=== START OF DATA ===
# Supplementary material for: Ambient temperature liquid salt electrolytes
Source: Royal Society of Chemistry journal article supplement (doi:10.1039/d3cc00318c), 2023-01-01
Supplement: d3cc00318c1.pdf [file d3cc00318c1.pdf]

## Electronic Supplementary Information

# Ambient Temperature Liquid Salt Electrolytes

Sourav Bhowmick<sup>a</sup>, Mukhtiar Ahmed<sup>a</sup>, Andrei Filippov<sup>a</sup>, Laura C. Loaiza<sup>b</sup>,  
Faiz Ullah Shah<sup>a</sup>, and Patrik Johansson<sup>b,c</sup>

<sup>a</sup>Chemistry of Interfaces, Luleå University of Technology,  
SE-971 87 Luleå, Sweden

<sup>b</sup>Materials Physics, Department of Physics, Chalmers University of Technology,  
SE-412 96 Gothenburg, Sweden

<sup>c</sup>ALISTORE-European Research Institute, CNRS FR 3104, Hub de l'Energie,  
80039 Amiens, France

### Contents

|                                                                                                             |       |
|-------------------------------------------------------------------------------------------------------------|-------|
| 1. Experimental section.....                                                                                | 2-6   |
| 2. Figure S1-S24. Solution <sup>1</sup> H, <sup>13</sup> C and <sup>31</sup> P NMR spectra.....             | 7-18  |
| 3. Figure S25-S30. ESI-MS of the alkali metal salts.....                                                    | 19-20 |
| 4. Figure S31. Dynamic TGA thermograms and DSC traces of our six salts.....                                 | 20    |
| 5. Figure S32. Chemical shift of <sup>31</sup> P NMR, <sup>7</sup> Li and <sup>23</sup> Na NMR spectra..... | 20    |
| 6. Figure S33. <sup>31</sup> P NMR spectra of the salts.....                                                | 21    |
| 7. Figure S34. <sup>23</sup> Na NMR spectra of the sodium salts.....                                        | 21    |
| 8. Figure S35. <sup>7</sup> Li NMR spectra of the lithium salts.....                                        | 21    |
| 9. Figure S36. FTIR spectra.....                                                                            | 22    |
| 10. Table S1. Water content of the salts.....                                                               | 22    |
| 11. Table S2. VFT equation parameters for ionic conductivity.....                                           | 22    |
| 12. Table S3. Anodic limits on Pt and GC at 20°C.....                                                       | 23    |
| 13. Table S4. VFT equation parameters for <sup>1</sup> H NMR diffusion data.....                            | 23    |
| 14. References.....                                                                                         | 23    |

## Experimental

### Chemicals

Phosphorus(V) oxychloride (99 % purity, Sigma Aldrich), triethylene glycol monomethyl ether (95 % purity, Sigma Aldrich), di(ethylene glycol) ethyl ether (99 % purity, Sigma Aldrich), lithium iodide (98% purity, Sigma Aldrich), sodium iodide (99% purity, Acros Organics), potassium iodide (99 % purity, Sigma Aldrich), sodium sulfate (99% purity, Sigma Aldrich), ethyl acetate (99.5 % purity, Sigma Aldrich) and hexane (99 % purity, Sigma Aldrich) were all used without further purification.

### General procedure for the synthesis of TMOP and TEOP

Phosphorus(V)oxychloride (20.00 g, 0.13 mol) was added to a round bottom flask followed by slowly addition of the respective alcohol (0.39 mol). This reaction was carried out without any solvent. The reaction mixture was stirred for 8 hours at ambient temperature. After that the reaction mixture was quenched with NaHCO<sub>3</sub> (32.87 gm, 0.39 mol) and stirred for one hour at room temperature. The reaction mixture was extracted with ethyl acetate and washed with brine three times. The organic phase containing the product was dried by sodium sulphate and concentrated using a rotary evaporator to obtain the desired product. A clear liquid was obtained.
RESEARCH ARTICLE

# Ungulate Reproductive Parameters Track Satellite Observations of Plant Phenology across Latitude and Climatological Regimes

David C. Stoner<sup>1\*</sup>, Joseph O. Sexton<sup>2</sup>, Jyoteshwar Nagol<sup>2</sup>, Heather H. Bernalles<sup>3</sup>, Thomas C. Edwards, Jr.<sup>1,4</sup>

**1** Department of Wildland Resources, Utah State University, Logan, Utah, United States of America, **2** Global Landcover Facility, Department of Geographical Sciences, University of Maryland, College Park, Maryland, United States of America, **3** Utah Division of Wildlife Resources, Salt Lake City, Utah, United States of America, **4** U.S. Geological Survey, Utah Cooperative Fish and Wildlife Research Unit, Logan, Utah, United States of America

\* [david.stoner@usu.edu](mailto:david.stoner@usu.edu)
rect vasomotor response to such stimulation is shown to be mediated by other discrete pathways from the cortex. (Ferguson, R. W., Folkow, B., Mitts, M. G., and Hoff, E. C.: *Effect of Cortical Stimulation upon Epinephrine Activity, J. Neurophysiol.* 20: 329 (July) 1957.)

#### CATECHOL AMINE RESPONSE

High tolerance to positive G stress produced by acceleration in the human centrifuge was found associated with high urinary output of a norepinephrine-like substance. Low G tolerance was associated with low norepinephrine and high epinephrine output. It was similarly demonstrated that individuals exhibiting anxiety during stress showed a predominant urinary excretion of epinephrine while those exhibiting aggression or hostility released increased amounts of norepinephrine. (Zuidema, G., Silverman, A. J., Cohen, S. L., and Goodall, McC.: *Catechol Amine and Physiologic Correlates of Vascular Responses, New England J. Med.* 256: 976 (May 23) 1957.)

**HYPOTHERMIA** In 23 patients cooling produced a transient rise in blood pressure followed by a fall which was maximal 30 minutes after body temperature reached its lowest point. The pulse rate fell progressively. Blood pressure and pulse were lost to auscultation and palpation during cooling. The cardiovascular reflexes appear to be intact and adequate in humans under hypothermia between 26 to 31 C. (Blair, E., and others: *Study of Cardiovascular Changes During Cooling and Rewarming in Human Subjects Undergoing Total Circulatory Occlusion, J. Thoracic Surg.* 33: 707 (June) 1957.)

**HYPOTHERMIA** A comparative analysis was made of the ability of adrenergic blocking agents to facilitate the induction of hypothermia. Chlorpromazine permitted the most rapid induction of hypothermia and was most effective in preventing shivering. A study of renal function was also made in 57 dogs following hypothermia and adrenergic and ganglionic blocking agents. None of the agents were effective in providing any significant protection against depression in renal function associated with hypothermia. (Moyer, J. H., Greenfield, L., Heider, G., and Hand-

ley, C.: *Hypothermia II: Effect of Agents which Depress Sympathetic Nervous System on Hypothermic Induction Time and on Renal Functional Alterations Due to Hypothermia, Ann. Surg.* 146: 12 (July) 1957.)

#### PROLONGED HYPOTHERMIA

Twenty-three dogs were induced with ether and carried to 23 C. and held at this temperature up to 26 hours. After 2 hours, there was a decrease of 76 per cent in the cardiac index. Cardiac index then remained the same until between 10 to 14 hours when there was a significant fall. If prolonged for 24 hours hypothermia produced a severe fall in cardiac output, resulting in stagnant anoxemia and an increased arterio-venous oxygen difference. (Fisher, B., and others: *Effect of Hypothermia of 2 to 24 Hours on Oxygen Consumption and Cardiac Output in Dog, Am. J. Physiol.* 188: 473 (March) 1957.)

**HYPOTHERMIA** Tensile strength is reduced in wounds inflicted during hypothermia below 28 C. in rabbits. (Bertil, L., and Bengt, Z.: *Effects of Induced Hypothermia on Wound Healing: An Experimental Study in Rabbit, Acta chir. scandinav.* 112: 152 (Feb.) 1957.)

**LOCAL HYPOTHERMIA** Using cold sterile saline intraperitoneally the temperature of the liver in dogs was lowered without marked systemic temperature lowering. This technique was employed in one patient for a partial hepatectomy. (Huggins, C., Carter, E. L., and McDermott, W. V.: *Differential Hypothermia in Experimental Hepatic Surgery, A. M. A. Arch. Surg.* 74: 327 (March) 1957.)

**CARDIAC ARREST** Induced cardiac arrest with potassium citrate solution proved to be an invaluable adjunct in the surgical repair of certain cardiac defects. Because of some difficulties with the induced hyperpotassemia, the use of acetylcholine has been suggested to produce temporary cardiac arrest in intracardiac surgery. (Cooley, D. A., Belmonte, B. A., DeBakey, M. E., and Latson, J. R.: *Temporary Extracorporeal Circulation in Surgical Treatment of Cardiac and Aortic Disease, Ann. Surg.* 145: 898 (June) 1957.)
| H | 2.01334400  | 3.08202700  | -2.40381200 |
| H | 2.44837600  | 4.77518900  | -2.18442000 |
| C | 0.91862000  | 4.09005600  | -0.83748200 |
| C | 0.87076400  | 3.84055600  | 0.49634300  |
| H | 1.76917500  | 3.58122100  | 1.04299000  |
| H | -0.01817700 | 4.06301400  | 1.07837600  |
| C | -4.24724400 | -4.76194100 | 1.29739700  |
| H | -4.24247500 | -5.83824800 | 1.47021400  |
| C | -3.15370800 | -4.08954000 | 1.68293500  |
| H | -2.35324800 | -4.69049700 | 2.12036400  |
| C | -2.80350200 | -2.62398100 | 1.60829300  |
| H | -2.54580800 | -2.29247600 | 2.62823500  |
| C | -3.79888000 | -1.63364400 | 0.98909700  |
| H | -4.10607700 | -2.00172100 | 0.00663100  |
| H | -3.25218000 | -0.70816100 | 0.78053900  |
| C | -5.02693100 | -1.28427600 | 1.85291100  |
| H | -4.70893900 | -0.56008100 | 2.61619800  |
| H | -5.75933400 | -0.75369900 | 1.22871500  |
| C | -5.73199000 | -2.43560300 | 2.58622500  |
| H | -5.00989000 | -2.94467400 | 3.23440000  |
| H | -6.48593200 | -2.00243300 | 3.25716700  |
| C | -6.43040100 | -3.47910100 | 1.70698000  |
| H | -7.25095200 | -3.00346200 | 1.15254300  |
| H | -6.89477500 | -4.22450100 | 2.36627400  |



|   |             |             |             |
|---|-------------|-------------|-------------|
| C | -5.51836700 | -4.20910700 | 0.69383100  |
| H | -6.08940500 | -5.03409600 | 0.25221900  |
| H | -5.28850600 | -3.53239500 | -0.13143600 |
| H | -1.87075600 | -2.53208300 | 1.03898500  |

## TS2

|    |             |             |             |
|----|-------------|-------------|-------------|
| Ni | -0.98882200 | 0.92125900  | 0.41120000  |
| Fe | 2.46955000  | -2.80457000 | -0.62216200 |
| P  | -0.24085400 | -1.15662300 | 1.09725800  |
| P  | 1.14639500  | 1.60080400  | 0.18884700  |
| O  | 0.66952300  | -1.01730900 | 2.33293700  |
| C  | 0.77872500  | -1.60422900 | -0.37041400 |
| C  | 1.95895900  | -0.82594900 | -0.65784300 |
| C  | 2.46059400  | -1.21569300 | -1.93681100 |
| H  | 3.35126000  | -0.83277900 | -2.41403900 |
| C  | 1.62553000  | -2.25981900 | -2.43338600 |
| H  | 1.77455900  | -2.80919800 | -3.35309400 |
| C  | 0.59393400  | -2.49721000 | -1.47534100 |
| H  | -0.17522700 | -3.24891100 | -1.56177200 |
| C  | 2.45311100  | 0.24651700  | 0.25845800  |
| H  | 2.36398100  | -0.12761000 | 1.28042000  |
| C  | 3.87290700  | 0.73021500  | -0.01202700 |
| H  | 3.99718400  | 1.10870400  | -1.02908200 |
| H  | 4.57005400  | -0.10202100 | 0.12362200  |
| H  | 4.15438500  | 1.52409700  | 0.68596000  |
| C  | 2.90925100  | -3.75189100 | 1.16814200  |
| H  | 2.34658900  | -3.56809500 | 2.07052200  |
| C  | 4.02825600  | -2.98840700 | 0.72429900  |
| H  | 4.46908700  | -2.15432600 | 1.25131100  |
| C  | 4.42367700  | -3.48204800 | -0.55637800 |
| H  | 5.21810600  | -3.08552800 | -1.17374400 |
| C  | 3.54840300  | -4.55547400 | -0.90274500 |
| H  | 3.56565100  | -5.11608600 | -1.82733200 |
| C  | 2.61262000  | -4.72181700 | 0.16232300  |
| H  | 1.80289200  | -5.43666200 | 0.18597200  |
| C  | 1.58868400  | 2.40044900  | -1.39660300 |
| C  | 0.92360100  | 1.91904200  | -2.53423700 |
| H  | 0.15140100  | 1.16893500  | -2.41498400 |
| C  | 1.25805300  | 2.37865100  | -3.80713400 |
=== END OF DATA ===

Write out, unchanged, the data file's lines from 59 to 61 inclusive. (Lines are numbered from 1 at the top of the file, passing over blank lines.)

| H | -4.24247500 | -5.83824800 | 1.47021400  |
| C | -3.15370800 | -4.08954000 | 1.68293500  |
| H | -2.35324800 | -4.69049700 | 2.12036400  |